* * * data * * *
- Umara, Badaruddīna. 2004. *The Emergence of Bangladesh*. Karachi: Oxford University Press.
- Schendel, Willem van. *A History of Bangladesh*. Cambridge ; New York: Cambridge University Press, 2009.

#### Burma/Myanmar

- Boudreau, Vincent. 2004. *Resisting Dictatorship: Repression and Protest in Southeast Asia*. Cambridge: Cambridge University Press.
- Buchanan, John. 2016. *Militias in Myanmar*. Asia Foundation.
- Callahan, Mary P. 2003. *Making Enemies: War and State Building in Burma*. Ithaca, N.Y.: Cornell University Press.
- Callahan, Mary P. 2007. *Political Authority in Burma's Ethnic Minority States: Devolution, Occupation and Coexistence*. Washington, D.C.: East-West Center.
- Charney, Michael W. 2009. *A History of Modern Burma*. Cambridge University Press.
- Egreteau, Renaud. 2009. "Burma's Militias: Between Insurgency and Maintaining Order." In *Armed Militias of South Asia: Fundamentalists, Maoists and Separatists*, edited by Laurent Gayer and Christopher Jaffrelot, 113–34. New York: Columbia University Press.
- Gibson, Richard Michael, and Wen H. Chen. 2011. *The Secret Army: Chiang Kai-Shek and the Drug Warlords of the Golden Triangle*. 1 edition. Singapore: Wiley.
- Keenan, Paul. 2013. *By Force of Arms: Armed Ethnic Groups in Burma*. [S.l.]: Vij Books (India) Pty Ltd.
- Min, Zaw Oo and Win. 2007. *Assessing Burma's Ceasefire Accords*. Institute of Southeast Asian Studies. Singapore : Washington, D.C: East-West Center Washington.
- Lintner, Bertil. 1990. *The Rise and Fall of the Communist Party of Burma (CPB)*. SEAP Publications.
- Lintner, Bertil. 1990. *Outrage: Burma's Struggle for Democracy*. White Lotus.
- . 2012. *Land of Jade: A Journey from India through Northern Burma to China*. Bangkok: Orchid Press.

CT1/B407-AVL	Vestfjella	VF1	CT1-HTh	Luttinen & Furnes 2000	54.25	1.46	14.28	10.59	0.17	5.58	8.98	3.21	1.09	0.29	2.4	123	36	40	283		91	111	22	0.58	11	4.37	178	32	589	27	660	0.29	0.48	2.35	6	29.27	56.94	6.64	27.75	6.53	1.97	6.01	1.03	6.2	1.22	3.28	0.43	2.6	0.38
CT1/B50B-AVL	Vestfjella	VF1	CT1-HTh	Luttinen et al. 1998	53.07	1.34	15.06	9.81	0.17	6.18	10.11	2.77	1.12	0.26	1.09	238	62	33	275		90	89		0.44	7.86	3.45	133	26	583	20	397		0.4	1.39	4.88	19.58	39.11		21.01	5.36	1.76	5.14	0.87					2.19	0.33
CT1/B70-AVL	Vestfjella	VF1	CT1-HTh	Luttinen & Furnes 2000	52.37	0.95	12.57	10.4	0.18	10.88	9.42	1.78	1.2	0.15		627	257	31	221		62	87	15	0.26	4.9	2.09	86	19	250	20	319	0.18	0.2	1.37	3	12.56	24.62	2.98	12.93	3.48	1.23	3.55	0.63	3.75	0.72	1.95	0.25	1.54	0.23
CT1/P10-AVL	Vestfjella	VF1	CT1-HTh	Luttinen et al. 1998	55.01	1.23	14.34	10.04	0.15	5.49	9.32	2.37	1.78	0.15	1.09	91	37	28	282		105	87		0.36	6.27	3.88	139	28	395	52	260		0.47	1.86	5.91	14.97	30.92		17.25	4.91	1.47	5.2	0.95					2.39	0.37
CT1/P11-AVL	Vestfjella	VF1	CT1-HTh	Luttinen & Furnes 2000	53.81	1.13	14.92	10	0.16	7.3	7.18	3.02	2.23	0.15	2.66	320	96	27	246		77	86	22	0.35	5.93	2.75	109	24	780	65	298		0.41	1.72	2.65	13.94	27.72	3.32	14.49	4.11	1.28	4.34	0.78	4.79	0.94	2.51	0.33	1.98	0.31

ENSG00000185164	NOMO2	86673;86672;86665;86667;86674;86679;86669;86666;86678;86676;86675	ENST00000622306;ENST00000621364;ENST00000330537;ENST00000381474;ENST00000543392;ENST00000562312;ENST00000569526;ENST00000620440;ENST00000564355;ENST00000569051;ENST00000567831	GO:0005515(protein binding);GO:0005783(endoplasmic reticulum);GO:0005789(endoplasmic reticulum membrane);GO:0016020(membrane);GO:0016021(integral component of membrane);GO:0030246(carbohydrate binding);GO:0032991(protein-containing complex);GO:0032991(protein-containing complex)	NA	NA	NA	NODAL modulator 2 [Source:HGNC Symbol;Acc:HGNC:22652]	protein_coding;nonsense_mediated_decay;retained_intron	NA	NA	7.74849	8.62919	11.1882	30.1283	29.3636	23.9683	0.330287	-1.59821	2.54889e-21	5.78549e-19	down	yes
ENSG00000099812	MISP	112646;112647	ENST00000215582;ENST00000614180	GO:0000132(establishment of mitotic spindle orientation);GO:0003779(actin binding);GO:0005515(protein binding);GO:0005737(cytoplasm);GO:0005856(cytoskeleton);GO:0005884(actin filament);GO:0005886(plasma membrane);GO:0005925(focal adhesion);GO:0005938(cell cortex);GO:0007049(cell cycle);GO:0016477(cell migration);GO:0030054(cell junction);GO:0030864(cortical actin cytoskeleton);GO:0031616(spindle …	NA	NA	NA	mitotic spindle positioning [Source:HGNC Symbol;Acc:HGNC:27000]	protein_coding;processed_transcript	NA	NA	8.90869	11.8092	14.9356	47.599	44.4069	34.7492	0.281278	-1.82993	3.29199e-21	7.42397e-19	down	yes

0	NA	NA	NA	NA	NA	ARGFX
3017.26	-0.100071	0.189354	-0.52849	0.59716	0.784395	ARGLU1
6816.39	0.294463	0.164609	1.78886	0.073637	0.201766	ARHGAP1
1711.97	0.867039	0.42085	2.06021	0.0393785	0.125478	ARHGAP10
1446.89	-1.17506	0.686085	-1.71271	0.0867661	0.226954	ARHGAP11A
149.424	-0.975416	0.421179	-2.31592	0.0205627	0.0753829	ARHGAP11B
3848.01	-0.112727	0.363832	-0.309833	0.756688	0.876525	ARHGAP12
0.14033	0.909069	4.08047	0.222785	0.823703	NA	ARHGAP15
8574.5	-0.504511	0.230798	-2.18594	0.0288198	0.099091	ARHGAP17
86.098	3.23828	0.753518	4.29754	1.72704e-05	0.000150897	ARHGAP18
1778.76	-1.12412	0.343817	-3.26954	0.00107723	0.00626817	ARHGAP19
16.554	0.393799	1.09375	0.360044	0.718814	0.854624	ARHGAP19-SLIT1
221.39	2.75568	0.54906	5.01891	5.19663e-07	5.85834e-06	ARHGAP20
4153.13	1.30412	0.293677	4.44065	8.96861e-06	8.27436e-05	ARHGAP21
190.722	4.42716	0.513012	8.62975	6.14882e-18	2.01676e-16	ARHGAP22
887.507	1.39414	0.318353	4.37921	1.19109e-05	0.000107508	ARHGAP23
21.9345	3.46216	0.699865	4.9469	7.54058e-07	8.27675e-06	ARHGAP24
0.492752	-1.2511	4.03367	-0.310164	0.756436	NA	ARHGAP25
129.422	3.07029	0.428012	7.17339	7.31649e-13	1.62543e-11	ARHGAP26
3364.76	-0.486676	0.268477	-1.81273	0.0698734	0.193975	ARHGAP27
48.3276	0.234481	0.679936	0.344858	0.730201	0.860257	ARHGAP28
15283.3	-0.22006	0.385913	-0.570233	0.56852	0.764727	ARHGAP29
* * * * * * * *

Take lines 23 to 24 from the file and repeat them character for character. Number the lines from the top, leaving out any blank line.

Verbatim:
0	NA	NA	NA	NA	NA	ARGFX
3017.26	-0.100071	0.189354	-0.52849	0.59716	0.784395	ARGLU1